The movie reaches poetic heights as we watch Hanna’s journey towards revenge bringing her face to face with a world she only understands through the books she’s read. We enjoy watching her discover the joys and beauty of the world. She has always longed to hear music and, over the course of the film, she hears a lot of it, not all of which is as melodious as she had dreamed – from a homeless man belting out opera on the street to the head-splitting cacophony of street drummers banging on tin drums. It is fascinating to follow Hanna as she discovers that the natural beauty of the world carries with it an ugly counterpart.
Unfortunately we don’t get to watch Hanna negotiate and carve a place out for herself in the world. Early on, after being apprehended by the CIA and transported to Morocco, she escapes and hooks up with a British family on a camping trip though Morocco and Spain. I like the way their relationship played out, especially with the teenage daughter Sophie (Jessica Barden), a girl so obnoxious only someone as clueless and socially ignorant as Hanna could like her.
But Hanna’s discovery of the world and her relationships disappear (the British family simply vanishes) in favor of a typical and, truthfully, uninspired action climax. Lots of chasing and fighting that we have seen in any other action pic with lesser ambitions. We can almost see the moment when Wright decided to switch off the creative switch and glide on action movie autopilot (when Hanna jumps out of the back of a van). This wouldn’t be quite so disappointing if I hadn’t like so much of what came before.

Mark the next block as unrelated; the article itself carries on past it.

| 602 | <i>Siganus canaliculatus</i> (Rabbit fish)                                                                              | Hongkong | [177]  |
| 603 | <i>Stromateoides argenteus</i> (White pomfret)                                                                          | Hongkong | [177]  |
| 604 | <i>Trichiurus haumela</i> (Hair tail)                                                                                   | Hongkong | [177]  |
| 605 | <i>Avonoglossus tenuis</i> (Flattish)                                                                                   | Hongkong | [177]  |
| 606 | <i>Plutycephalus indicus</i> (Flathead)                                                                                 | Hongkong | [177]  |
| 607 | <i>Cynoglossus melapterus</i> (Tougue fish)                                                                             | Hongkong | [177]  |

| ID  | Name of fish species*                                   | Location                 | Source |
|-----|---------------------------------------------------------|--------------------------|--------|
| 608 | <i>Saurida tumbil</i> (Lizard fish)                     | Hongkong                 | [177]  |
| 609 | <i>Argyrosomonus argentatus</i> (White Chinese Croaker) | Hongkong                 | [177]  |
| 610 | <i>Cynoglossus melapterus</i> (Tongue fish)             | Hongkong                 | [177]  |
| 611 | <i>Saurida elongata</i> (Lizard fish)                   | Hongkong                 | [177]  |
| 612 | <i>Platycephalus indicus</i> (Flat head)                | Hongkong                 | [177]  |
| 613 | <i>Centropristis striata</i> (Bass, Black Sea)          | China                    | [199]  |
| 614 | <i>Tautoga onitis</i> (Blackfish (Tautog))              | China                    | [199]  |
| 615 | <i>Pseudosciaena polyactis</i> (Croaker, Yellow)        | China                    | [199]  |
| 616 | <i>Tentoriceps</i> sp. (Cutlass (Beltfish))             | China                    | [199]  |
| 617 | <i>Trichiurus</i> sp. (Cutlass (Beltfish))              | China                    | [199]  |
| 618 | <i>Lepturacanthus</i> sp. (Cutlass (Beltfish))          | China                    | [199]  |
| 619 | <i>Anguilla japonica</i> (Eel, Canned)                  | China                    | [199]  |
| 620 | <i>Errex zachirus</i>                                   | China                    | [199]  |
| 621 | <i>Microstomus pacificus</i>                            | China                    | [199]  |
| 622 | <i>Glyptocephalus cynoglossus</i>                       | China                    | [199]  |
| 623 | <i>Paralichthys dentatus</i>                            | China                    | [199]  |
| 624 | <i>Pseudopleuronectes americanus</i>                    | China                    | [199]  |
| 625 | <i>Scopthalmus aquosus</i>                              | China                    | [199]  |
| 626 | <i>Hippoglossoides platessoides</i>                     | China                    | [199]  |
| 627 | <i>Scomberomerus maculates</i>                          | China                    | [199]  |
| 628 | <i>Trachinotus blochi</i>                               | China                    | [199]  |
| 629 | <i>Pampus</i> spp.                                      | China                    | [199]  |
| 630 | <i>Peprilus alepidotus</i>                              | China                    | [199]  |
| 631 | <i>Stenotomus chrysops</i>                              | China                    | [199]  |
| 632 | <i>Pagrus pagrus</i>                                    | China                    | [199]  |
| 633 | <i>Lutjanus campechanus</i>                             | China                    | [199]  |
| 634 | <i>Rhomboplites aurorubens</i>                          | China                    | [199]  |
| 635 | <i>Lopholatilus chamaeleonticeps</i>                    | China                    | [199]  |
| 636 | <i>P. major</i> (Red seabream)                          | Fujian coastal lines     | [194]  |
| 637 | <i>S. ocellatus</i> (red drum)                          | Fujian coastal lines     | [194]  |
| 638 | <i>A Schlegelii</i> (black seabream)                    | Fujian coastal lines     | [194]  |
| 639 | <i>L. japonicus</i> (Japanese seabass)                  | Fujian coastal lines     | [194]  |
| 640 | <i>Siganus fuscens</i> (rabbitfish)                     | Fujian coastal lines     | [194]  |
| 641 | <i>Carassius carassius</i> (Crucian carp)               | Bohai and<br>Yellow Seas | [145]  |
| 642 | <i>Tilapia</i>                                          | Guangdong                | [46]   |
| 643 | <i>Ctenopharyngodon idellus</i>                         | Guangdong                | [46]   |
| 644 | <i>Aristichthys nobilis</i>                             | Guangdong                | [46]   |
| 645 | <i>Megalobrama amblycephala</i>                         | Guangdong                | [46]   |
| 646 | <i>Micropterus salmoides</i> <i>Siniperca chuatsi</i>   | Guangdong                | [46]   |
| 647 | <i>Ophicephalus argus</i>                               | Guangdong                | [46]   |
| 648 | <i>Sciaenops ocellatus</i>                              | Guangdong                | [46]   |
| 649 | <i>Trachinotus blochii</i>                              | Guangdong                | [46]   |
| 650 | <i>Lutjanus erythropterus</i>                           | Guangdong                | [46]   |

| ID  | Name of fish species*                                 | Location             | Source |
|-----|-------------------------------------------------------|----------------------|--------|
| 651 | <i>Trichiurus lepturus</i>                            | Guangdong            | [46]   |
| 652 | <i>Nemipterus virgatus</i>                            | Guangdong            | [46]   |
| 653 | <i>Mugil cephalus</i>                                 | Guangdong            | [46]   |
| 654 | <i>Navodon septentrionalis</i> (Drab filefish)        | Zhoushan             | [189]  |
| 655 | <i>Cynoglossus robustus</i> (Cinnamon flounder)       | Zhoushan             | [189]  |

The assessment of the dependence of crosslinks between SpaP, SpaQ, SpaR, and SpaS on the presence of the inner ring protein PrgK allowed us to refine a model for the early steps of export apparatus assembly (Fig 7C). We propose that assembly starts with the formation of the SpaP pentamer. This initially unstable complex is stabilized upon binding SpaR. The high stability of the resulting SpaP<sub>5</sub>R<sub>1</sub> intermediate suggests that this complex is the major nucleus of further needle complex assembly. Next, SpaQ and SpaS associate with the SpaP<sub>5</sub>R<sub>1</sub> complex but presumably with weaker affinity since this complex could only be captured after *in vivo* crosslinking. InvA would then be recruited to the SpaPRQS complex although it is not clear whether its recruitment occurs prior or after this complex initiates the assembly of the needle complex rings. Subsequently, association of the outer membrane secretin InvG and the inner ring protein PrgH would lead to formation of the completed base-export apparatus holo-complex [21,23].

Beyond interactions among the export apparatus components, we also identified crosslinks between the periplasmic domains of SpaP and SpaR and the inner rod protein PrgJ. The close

Despite the breakdown of the narrative, Hanna does give us a great villain: Cate Blanchett as CIA baddie Marissa Wiegler, desperate to cover up a secret genetics program of which Hanna is the last remaining evidence. Blanchett plays Wiegler with an arrogant cunning, as a woman who covets and abuses the power afforded her by the necessary secrecy of her position in the CIA. She’s matter-of-fact and business-like about the evil she does. Her slight southern draw reminds us of the cowboy (anti-)diplomacy of the Bush years and, like our former president, she loves knowing she can do whatever she wants, maybe vaguely for the national security interests of the United States, maybe for herself. It never is quite clear. I wish Wright had delved more into Wiegler’s story and motivations; we never understand exactly why she feels as though she has to kill Hanna.
Hanna is a movie with high ambitions, but conventionally executed, entertaining but uneven. (Rating ***)